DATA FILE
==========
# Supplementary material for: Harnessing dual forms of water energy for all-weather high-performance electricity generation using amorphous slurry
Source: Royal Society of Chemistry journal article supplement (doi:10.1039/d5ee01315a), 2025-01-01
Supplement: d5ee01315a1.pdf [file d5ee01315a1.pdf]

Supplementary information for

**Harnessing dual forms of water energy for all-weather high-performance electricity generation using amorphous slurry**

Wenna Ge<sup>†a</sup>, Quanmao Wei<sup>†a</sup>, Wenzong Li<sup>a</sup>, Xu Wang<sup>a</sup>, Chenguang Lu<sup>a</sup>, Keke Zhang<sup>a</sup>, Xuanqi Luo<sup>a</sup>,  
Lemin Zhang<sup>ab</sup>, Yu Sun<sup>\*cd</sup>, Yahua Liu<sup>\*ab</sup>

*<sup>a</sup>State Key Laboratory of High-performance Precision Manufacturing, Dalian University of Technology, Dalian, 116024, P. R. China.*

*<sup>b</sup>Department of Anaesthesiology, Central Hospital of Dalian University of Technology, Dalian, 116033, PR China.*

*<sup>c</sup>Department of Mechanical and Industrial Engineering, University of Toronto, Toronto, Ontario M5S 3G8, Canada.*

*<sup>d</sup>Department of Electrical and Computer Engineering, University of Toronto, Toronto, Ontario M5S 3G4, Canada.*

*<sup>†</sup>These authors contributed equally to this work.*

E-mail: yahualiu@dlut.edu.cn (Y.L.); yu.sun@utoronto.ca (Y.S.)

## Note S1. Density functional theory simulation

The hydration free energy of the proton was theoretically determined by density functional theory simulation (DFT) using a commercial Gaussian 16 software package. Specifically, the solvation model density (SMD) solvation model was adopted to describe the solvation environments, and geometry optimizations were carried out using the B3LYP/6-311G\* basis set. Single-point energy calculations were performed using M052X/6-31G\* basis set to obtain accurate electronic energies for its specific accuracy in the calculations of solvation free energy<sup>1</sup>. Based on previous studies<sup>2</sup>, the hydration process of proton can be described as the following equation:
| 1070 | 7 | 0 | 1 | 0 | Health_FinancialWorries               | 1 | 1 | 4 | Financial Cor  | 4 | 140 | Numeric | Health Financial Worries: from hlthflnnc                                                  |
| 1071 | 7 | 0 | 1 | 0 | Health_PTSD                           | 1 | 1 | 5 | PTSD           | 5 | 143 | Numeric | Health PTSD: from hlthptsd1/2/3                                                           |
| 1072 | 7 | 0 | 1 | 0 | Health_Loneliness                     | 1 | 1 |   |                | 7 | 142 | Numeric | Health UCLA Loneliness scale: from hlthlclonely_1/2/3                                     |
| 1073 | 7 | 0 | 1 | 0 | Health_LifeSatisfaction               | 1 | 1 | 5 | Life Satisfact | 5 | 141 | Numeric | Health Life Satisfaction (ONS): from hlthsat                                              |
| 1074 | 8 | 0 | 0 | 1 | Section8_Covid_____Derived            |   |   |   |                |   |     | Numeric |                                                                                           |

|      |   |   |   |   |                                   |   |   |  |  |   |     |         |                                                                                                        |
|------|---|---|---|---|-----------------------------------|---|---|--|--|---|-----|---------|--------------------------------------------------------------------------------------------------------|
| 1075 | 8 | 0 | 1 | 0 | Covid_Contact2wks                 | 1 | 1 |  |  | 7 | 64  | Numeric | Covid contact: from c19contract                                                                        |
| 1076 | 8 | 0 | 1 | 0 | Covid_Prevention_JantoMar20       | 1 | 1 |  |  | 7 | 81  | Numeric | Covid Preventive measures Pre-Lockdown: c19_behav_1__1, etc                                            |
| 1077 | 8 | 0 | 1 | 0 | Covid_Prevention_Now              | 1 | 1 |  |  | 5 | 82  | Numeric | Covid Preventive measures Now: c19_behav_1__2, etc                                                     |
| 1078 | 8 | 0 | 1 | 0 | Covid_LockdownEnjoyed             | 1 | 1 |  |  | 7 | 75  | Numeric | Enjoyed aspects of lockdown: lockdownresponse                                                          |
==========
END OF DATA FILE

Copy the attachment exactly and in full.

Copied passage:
# Supplementary material for: Harnessing dual forms of water energy for all-weather high-performance electricity generation using amorphous slurry
Source: Royal Society of Chemistry journal article supplement (doi:10.1039/d5ee01315a), 2025-01-01
Supplement: d5ee01315a1.pdf [file d5ee01315a1.pdf]

Supplementary information for

**Harnessing dual forms of water energy for all-weather high-performance electricity generation using amorphous slurry**

Wenna Ge<sup>†a</sup>, Quanmao Wei<sup>†a</sup>, Wenzong Li<sup>a</sup>, Xu Wang<sup>a</sup>, Chenguang Lu<sup>a</sup>, Keke Zhang<sup>a</sup>, Xuanqi Luo<sup>a</sup>,  
Lemin Zhang<sup>ab</sup>, Yu Sun<sup>\*cd</sup>, Yahua Liu<sup>\*ab</sup>

*<sup>a</sup>State Key Laboratory of High-performance Precision Manufacturing, Dalian University of Technology, Dalian, 116024, P. R. China.*

*<sup>b</sup>Department of Anaesthesiology, Central Hospital of Dalian University of Technology, Dalian, 116033, PR China.*

*<sup>c</sup>Department of Mechanical and Industrial Engineering, University of Toronto, Toronto, Ontario M5S 3G8, Canada.*

*<sup>d</sup>Department of Electrical and Computer Engineering, University of Toronto, Toronto, Ontario M5S 3G4, Canada.*

*<sup>†</sup>These authors contributed equally to this work.*

E-mail: yahualiu@dlut.edu.cn (Y.L.); yu.sun@utoronto.ca (Y.S.)

## Note S1. Density functional theory simulation

The hydration free energy of the proton was theoretically determined by density functional theory simulation (DFT) using a commercial Gaussian 16 software package. Specifically, the solvation model density (SMD) solvation model was adopted to describe the solvation environments, and geometry optimizations were carried out using the B3LYP/6-311G\* basis set. Single-point energy calculations were performed using M052X/6-31G\* basis set to obtain accurate electronic energies for its specific accuracy in the calculations of solvation free energy<sup>1</sup>. Based on previous studies<sup>2</sup>, the hydration process of proton can be described as the following equation:
| 1070 | 7 | 0 | 1 | 0 | Health_FinancialWorries               | 1 | 1 | 4 | Financial Cor  | 4 | 140 | Numeric | Health Financial Worries: from hlthflnnc                                                  |
| 1071 | 7 | 0 | 1 | 0 | Health_PTSD                           | 1 | 1 | 5 | PTSD           | 5 | 143 | Numeric | Health PTSD: from hlthptsd1/2/3                                                           |
| 1072 | 7 | 0 | 1 | 0 | Health_Loneliness                     | 1 | 1 |   |                | 7 | 142 | Numeric | Health UCLA Loneliness scale: from hlthlclonely_1/2/3                                     |
| 1073 | 7 | 0 | 1 | 0 | Health_LifeSatisfaction               | 1 | 1 | 5 | Life Satisfact | 5 | 141 | Numeric | Health Life Satisfaction (ONS): from hlthsat                                              |
| 1074 | 8 | 0 | 0 | 1 | Section8_Covid_____Derived            |   |   |   |                |   |     | Numeric |                                                                                           |

|      |   |   |   |   |                                   |   |   |  |  |   |     |         |                                                                                                        |
|------|---|---|---|---|-----------------------------------|---|---|--|--|---|-----|---------|--------------------------------------------------------------------------------------------------------|
| 1075 | 8 | 0 | 1 | 0 | Covid_Contact2wks                 | 1 | 1 |  |  | 7 | 64  | Numeric | Covid contact: from c19contract                                                                        |
| 1076 | 8 | 0 | 1 | 0 | Covid_Prevention_JantoMar20       | 1 | 1 |  |  | 7 | 81  | Numeric | Covid Preventive measures Pre-Lockdown: c19_behav_1__1, etc                                            |
| 1077 | 8 | 0 | 1 | 0 | Covid_Prevention_Now              | 1 | 1 |  |  | 5 | 82  | Numeric | Covid Preventive measures Now: c19_behav_1__2, etc                                                     |
| 1078 | 8 | 0 | 1 | 0 | Covid_LockdownEnjoyed             | 1 | 1 |  |  | 7 | 75  | Numeric | Enjoyed aspects of lockdown: lockdownresponse                                                          |